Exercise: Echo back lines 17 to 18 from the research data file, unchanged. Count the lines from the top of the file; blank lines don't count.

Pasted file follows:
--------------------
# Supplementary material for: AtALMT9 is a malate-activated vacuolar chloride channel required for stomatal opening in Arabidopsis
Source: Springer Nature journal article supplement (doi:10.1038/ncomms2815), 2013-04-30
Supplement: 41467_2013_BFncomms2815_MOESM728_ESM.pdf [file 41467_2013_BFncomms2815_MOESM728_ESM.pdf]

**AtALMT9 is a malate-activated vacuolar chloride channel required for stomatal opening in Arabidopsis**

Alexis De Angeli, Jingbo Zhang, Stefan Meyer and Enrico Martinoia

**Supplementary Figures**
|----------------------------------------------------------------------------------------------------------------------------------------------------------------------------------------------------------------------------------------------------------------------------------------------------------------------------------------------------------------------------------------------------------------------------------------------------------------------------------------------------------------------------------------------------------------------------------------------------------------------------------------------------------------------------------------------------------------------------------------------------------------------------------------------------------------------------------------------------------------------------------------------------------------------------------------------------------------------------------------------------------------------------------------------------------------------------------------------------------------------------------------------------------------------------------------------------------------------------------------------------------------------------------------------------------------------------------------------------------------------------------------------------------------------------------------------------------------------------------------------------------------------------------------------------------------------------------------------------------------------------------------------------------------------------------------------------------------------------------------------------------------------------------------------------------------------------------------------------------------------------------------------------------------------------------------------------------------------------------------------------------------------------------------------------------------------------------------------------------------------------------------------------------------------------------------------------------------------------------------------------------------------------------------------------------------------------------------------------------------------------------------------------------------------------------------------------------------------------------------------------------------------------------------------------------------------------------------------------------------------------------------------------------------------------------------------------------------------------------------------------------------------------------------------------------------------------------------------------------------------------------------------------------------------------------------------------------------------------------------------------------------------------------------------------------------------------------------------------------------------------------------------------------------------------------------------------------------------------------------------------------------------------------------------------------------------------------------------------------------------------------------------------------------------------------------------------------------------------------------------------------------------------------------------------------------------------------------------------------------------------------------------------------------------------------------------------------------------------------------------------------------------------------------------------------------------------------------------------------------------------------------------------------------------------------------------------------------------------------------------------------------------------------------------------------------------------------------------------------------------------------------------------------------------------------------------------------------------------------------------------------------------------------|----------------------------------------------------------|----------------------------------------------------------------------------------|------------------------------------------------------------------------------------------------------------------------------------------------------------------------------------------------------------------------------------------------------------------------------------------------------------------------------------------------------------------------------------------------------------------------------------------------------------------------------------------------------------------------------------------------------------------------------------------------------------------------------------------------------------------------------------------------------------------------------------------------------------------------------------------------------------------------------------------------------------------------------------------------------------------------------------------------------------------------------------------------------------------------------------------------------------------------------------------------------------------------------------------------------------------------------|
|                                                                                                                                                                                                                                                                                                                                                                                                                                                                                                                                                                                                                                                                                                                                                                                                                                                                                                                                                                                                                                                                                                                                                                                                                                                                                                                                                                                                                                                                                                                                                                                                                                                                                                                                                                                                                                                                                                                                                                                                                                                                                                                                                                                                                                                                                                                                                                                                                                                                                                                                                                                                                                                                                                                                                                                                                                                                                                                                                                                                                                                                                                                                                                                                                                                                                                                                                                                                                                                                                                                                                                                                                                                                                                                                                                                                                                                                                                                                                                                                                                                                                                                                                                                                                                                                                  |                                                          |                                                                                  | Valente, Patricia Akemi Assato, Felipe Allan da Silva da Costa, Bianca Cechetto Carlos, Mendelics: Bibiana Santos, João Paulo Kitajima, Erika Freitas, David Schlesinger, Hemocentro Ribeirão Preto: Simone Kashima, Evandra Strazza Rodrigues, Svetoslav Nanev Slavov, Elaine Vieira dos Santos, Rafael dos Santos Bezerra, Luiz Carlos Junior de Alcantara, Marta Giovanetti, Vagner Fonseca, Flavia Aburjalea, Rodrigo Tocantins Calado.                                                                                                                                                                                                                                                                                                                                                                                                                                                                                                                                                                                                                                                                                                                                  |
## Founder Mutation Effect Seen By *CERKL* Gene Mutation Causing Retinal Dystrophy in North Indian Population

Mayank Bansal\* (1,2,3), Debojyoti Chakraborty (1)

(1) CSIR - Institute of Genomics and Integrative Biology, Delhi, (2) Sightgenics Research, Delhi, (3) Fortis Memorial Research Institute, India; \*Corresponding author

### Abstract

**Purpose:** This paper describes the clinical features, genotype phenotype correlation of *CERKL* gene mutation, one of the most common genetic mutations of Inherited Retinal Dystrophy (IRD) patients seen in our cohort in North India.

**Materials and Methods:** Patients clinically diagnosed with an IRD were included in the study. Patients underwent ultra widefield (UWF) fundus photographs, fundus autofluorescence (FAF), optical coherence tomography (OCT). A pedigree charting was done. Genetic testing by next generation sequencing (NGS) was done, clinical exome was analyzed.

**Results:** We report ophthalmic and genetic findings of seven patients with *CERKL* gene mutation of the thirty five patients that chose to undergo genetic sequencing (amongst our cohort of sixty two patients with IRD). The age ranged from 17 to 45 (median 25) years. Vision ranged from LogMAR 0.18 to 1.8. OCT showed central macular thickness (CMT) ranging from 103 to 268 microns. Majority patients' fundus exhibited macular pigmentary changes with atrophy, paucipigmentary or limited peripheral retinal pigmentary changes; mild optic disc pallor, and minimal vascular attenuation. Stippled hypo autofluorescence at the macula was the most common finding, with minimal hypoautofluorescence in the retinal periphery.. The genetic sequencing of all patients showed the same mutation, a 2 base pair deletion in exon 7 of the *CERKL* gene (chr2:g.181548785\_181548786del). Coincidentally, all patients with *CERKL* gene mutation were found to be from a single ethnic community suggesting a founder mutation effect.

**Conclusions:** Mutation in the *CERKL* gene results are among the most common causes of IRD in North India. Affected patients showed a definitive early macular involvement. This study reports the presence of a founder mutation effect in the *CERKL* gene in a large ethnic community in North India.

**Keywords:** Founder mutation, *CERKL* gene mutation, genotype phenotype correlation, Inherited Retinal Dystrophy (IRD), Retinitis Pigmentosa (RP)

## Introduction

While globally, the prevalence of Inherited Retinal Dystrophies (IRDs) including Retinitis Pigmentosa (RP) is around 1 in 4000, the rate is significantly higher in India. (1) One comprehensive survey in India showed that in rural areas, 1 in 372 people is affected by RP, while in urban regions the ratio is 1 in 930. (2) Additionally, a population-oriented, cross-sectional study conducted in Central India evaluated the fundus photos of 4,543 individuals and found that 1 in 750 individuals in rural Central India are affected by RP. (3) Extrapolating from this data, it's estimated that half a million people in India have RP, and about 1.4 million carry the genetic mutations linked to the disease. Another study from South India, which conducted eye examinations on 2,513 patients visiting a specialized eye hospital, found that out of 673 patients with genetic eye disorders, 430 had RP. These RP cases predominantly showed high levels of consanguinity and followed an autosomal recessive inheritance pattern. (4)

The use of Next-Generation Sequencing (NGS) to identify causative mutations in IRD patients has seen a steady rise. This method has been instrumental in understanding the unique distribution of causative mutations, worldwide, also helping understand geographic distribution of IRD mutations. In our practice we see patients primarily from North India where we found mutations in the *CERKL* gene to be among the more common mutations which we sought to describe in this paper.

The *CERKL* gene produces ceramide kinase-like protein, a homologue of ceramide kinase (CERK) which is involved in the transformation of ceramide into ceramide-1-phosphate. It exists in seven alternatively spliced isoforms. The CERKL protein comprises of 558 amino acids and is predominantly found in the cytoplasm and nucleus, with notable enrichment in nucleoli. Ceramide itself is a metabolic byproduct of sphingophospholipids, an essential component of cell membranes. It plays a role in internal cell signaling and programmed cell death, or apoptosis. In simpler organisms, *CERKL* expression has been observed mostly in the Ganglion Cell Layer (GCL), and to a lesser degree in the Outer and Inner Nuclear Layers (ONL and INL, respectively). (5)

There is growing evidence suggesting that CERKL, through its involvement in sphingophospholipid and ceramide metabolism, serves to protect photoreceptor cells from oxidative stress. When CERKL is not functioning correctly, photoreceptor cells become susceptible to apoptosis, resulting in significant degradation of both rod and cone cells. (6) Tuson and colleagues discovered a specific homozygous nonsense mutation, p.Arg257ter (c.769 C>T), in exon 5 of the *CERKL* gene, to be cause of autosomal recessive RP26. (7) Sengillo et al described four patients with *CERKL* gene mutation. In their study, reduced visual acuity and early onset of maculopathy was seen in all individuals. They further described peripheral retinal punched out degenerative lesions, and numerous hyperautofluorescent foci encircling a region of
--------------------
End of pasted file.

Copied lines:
**Keywords:** Founder mutation, *CERKL* gene mutation, genotype phenotype correlation, Inherited Retinal Dystrophy (IRD), Retinitis Pigmentosa (RP)

## Introduction